Counterfeit Trade

January 24, 2017

The spread of counterfeit products has increased globally in recent years. Counterfeiting is everywhere – it can affect what we eat, what we watch, what medicines we take and what we wear.

Counterfeiting and piracy is also seen in Fiji whether its electronic goods, spare parts, cosmetics, clothes, shoes, alcohol, chemicals, bags, movies or music.

Counterfeit goods are often of inferior quality, made or sold under someone else’s brand name without the brand owner’s knowledge or authorization. Traders of such goods can be said to infringe on either the trade mark, patent or copyright of the brand owner by passing off its goods as if it was made by the brand owner.

A major challenge for consumer protection agencies is to weaken the demand for counterfeit goods. This is a serious challenge in Fiji given that many genuine imported goods are priced beyond the reach of most consumers. The desire to own new products and prominent brands drives Fijians to buy fake or unauthorised replicas that appear to be real.

Traders take advantage of the gullibility of consumers by selling counterfeit products that are either close to or much lower than the price of the genuine item. When the price is high, consumers may assume the product is genuine, as “expensive” is often perceived as an indicator of authenticity and quality.

Counterfeit trade has evolved to a point where almost if not all commodities are likely targets. These include commodities that can have a direct effect on the health and safety of people and economy.

Counterfeiting products that endanger lives, for example are auto parts that fail, toys that harm children, pharmaceuticals that make people sick, baby formula that provides no nourishment and medical instruments that deliver false readings. Even purchases like safety goggles, safety shoes or electrical plugs that have been illegally copied and reproduced present significant risks, given their lower quality.

Counterfeiters have taken advantage of the legitimate global trading environment totally driven by sheer greed to make money at any cost. 

Even the e-commerce giant, such as Alibaba and Amazon are struggling to stop traders from selling counterfeit and fake products on their online platform. It is not just an issue of unscrupulous companies’ marketing tactics, but it is also an issue of enforcement and adequate resources.

During back to school sale, the Council’s spot check in stores around Suva, found replicas of Adidas, Rip Curl, Quicksilver, Nike, Billabong school bags and backpacks sold openly in the marketplace at high prices.

Consumers can spot counterfeit bags by inspecting the packaging carefully. Spelling or grammatical errors are common on the packaging of counterfeit goods. One has to look carefully at the logo and its quality. Counterfeits will usually have different fonts or sizes and slightly different colours.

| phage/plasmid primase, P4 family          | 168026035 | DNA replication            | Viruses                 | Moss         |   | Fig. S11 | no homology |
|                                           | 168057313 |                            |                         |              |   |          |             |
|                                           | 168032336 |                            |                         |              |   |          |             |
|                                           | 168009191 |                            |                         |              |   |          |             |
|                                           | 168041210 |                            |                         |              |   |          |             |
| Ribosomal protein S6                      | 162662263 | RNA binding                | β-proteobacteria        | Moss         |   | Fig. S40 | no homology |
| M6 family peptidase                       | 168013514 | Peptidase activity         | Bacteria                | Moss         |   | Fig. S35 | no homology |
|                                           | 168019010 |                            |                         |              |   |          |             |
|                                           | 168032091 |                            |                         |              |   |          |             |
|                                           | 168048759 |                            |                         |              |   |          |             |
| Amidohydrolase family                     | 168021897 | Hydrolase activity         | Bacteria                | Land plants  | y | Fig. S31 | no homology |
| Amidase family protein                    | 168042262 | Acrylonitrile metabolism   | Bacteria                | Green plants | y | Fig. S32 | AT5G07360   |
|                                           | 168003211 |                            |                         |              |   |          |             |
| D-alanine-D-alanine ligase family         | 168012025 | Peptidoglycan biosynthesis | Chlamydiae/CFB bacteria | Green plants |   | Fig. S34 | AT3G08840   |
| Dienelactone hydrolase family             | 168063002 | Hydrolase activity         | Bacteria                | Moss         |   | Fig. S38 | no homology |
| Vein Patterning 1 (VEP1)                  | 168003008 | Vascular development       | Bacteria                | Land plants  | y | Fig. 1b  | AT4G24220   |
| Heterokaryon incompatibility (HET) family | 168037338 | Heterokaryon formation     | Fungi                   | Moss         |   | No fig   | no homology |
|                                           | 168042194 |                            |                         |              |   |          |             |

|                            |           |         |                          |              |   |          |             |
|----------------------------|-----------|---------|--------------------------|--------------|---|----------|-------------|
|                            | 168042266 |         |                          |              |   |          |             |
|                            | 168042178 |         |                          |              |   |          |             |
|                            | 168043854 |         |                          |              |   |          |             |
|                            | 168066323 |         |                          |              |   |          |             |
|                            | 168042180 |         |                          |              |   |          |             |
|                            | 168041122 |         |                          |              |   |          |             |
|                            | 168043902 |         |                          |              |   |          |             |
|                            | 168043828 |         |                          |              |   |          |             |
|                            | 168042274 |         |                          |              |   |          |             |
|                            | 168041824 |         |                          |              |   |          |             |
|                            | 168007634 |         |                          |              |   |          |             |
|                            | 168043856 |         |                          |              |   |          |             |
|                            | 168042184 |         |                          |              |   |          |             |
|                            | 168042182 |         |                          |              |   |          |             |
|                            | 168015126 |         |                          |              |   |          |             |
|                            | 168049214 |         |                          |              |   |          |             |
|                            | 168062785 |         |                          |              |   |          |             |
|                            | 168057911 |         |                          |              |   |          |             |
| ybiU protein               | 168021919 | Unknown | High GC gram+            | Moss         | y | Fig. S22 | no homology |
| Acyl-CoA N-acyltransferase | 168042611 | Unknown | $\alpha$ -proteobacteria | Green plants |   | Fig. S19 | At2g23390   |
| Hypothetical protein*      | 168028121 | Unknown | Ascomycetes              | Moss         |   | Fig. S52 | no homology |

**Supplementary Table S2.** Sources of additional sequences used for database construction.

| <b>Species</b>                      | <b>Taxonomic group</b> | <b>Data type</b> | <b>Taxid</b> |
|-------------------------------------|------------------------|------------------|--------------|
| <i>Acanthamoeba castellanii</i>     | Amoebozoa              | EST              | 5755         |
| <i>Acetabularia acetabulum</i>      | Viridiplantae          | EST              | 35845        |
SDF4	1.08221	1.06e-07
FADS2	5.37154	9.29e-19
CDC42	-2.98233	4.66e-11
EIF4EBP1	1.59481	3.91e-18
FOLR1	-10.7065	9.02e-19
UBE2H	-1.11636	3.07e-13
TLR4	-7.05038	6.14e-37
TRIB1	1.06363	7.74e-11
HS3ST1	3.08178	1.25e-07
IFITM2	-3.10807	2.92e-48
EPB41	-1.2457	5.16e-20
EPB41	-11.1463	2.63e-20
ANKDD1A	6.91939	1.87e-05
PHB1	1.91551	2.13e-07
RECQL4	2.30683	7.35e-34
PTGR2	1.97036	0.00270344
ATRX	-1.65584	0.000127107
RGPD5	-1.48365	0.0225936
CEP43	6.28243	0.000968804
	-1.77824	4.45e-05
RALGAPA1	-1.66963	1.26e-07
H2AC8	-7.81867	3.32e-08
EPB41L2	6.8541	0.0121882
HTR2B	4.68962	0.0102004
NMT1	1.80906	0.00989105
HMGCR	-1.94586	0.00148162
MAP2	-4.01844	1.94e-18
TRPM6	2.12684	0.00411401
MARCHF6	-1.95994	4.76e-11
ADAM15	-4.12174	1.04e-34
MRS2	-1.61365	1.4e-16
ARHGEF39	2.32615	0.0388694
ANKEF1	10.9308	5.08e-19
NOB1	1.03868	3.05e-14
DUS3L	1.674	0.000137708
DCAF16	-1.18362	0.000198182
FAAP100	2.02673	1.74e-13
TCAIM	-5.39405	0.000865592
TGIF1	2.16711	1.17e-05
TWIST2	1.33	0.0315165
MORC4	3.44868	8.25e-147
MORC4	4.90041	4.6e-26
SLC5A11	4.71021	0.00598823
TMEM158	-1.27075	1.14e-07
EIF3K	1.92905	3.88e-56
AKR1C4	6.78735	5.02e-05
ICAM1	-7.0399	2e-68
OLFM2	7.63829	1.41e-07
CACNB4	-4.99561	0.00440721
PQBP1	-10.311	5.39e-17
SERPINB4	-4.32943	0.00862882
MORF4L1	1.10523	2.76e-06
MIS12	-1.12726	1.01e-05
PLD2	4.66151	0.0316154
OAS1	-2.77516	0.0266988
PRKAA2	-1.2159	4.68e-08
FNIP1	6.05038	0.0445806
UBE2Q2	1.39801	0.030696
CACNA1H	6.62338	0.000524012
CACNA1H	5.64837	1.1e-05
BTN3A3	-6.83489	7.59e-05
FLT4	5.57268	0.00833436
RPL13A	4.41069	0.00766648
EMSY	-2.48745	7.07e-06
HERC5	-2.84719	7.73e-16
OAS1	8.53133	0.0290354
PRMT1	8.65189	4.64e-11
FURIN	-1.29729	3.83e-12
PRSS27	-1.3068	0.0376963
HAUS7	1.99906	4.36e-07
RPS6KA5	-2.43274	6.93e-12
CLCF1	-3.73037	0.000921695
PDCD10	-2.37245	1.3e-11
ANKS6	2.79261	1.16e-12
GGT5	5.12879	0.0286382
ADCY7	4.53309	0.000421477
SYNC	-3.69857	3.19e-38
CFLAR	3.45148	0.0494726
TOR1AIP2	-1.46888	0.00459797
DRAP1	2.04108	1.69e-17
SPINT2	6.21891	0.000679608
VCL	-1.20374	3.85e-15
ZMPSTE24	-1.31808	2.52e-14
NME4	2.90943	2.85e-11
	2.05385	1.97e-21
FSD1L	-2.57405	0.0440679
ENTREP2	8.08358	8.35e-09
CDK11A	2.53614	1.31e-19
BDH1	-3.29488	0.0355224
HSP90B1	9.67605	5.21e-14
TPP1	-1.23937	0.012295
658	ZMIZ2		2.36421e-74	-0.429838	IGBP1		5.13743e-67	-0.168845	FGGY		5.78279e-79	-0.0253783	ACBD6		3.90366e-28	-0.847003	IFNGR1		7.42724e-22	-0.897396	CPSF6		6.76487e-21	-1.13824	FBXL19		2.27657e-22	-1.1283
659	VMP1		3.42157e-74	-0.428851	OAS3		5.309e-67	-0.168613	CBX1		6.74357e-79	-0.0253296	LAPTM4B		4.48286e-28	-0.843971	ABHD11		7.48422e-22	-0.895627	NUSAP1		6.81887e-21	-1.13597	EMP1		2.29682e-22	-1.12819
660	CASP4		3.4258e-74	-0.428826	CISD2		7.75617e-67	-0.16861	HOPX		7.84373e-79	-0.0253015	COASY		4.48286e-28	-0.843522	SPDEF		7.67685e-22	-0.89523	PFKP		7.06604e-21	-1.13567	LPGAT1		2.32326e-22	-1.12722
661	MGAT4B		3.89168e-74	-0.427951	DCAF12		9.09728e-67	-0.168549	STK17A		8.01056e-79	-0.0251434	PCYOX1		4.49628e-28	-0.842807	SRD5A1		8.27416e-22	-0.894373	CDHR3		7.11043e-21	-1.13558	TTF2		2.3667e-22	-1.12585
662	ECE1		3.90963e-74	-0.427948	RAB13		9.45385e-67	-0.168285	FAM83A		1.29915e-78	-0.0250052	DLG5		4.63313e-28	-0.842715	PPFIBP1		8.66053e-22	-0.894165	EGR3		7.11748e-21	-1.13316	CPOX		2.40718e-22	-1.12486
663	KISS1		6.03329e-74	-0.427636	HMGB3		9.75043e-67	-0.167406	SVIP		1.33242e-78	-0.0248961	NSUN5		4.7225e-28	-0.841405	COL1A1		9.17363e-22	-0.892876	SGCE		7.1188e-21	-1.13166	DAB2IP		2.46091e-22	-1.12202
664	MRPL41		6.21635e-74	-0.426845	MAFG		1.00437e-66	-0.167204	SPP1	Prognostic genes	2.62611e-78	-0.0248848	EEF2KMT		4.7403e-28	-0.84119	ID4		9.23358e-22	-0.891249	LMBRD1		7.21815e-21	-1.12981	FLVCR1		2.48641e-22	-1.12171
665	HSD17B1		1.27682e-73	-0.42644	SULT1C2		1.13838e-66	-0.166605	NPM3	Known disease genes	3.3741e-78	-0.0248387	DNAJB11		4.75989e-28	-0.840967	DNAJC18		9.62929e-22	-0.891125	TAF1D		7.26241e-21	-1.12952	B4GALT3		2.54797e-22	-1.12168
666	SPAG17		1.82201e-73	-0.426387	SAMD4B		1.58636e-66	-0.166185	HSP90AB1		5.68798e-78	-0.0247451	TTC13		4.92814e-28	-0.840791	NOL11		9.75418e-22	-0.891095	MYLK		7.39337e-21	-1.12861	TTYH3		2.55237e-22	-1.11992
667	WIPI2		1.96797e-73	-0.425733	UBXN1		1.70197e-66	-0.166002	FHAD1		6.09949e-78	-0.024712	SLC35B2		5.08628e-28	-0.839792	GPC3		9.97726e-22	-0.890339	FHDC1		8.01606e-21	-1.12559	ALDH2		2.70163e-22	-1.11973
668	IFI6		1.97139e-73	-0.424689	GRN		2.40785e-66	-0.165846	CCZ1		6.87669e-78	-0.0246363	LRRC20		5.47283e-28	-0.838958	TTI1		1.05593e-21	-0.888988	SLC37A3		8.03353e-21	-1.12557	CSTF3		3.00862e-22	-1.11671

Recently, a complainant bought a Samsung S7 phone in a box from a mobile phone retailer in Suva. He was strictly advised by the trader not to open the phone back cover because it can only be opened by the trader’s technician. After a few days, problem started with the phone.  The complainant then opened the phone cover and found a lot of sticking plaster and electric wires. He also found that the battery was not labeled as Samsung brand. The complainant was very disappointed when the trader refused to give redress.  Complainant brought the matter forward to the Council’s attention. 

Counterfeit and pirated products which were previously distributed through informal markets, appear on the shelves of established shops in Fiji. If this is not addressed, it will be a huge risk to consumer’s health and safety.

Traders need to know that selling counterfeit goods is an offence under Section 77(1) (a) of the Commerce Commission Act 2010. The provision states: “A person shall not, in trade or commerce, in connection with the supply or possible supply of goods or services or in connection with the promotion by any means of the supply or use of goods or services falsely represent that goods are of a particular standard, quality, grade, composition, style or model or have had a particular history or particular previous use which they do not have”.

Although counterfeit goods have found a ready market in Fiji, standards, enhanced consumer protection laws, good market surveillance programmes, agency cooperation and strong border controls can protect consumers against such unscrupulous trade.

The Council is urging consumers to be vigilant whilst shopping. They can call the National Consumer Helpline toll-free number 155 to seek advice or to lodge any complaints against traders who are found selling counterfeit products. Consumers can also seek assistance from Fiji Commerce Commission in relation to their grievances.